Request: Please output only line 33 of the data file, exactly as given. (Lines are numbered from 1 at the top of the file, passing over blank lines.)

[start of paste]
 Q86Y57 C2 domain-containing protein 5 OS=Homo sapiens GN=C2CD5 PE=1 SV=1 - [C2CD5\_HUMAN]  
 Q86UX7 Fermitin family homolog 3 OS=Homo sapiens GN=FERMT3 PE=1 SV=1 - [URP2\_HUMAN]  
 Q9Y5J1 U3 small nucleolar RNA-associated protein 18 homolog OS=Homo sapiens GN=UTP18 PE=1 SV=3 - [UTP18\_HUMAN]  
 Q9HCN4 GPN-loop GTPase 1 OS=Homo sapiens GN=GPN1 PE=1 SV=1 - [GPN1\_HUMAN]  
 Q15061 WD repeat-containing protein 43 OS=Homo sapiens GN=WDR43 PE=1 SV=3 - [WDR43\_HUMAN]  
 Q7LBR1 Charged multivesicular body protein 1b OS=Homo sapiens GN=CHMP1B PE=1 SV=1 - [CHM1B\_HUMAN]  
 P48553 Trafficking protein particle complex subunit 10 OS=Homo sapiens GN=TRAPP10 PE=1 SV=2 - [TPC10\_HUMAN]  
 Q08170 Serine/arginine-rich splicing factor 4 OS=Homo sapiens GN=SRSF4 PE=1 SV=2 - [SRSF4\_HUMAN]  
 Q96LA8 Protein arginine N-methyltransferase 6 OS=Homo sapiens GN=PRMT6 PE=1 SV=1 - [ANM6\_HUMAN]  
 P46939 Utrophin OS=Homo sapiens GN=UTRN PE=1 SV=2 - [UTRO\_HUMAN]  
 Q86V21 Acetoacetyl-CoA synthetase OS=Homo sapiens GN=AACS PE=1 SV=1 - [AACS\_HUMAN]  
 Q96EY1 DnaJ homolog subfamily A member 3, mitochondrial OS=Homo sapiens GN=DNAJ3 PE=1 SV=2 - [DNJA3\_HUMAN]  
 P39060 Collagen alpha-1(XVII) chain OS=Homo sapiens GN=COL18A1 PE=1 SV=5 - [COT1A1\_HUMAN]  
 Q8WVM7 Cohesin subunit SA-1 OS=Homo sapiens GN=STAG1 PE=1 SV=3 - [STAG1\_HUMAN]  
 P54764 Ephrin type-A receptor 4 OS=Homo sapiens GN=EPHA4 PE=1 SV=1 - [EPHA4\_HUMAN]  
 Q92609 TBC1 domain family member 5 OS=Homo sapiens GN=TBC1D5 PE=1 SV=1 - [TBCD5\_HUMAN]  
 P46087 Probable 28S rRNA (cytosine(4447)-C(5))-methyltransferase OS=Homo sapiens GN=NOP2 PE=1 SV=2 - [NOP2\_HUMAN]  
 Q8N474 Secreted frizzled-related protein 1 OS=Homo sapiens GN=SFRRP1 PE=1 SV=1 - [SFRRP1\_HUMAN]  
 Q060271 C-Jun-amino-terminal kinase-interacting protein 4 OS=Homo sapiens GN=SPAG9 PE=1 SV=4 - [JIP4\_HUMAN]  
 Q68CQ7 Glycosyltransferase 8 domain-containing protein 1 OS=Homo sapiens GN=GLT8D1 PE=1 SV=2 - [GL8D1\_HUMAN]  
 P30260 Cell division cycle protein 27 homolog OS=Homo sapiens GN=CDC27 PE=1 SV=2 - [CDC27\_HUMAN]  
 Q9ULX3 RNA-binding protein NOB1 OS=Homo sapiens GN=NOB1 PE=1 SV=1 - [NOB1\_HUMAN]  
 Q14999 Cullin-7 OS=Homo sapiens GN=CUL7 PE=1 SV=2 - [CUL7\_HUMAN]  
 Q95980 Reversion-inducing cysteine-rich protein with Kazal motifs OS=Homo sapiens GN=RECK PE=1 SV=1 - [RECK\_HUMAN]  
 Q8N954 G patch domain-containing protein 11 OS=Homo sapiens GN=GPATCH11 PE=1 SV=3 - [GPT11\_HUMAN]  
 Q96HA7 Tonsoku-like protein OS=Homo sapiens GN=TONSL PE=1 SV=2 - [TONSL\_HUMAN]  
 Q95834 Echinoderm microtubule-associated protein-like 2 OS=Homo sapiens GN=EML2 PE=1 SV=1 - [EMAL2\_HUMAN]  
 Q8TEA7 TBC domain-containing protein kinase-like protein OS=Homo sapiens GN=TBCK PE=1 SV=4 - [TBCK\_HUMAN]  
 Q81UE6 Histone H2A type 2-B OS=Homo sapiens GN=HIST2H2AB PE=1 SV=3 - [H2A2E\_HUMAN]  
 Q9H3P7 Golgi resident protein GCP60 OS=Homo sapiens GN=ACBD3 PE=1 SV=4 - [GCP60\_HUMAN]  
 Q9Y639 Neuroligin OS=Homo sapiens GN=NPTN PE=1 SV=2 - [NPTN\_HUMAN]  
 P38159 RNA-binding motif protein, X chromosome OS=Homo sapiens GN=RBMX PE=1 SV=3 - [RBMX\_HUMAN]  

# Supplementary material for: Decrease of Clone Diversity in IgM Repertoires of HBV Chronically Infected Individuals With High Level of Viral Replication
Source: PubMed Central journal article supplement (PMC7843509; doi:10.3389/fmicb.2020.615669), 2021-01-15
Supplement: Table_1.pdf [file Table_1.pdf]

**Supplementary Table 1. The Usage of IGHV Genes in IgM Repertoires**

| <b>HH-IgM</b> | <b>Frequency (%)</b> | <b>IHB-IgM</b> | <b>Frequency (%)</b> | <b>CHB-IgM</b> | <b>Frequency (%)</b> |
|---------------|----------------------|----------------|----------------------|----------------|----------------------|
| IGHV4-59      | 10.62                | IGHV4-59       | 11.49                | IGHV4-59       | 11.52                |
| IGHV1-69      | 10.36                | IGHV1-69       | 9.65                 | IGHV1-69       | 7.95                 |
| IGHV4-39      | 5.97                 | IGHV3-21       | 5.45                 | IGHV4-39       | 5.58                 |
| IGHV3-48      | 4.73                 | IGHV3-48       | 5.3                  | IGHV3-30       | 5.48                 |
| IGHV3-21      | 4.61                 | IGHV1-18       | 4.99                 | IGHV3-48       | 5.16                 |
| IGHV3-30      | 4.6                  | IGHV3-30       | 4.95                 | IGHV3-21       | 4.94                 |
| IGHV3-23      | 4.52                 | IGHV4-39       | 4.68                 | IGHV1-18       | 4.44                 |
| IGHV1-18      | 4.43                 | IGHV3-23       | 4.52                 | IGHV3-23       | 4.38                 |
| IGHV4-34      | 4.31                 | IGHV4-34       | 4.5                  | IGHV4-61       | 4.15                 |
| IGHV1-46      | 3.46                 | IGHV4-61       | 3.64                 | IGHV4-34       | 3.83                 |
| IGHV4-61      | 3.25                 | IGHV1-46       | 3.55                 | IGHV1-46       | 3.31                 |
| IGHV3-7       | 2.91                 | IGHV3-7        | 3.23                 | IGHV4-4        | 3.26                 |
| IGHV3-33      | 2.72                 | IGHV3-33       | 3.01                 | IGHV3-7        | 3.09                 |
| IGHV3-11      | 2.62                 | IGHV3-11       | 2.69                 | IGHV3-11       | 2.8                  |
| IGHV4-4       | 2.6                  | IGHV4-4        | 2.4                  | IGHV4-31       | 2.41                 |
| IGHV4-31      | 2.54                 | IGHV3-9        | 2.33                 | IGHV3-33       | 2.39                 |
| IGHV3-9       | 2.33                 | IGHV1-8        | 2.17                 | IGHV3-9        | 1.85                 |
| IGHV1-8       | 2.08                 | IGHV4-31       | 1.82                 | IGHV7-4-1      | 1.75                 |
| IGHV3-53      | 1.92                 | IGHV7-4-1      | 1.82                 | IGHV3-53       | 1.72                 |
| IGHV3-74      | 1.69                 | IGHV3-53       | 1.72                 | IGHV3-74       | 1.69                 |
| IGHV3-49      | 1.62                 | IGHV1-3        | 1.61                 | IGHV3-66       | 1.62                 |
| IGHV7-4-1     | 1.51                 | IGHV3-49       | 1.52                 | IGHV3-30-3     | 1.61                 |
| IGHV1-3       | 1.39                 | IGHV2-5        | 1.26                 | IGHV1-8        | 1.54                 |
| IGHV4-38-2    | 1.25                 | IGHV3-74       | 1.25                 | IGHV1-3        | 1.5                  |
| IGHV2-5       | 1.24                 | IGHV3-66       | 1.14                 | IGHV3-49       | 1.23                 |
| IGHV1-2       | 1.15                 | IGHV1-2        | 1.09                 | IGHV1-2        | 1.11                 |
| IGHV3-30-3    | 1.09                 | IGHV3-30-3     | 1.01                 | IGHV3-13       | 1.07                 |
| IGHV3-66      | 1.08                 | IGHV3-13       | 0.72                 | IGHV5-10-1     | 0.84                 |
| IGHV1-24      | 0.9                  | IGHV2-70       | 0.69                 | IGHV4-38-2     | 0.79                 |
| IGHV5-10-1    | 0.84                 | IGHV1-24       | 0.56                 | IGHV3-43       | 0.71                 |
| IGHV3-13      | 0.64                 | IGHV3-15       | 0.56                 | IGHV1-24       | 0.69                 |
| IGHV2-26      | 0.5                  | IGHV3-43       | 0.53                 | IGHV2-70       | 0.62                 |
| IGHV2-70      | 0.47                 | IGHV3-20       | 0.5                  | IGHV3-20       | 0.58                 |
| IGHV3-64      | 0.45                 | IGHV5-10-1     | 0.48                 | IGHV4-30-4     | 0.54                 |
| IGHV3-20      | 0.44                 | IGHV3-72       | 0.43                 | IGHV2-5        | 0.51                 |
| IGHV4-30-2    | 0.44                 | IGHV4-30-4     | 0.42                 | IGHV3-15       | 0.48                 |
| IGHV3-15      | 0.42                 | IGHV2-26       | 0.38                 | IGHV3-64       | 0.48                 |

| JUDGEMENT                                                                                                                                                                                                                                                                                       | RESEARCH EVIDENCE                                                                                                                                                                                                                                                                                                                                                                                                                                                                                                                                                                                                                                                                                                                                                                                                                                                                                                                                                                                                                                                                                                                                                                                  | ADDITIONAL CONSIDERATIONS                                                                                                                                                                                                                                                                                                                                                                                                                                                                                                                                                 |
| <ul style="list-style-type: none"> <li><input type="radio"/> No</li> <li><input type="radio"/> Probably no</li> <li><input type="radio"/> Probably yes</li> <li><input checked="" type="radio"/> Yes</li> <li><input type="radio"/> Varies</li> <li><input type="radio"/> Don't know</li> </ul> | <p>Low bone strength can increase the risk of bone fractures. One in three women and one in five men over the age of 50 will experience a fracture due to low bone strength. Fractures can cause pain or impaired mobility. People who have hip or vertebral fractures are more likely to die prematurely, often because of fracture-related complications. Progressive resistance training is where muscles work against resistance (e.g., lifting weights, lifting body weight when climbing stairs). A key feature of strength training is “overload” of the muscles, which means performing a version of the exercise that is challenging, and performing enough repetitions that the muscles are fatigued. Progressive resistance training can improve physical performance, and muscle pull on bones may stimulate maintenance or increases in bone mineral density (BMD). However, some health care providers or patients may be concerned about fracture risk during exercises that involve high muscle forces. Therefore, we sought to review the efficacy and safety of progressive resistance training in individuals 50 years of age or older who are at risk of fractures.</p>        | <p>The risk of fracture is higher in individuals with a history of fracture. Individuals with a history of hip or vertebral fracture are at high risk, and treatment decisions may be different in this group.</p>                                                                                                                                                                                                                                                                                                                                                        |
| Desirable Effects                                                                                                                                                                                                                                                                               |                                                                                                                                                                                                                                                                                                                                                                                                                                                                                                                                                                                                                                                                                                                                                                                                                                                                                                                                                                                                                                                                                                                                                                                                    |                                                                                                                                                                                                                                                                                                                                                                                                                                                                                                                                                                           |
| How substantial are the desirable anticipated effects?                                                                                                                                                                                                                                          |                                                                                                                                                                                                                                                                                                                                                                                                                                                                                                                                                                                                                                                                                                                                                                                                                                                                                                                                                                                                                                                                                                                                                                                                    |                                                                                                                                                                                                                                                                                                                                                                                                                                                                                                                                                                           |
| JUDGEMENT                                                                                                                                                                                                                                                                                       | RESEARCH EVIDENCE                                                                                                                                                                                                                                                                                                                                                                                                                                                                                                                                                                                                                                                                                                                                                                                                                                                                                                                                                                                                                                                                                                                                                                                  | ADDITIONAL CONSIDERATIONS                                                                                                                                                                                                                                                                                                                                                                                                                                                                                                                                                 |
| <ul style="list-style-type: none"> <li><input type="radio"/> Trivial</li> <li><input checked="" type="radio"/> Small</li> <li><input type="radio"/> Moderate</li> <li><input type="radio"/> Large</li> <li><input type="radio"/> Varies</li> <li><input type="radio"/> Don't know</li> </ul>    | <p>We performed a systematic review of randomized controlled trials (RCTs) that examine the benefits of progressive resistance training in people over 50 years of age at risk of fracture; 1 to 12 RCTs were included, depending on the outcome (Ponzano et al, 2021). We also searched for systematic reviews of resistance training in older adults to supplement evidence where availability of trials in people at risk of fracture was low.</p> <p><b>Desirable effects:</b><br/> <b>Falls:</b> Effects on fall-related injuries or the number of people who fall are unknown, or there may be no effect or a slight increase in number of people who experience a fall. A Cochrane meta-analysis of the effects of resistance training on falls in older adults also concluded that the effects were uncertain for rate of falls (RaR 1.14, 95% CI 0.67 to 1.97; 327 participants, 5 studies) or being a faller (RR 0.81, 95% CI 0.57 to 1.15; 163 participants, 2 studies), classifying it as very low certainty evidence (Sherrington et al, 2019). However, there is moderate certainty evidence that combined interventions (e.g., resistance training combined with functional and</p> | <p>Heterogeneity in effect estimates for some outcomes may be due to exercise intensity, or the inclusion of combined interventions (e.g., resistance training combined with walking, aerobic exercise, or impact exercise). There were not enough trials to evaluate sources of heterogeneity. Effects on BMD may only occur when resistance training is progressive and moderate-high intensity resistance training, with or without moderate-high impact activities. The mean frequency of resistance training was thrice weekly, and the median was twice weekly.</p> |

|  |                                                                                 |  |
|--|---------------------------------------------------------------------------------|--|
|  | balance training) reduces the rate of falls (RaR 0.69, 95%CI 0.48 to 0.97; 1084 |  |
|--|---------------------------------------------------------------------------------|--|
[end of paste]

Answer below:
# Supplementary material for: Decrease of Clone Diversity in IgM Repertoires of HBV Chronically Infected Individuals With High Level of Viral Replication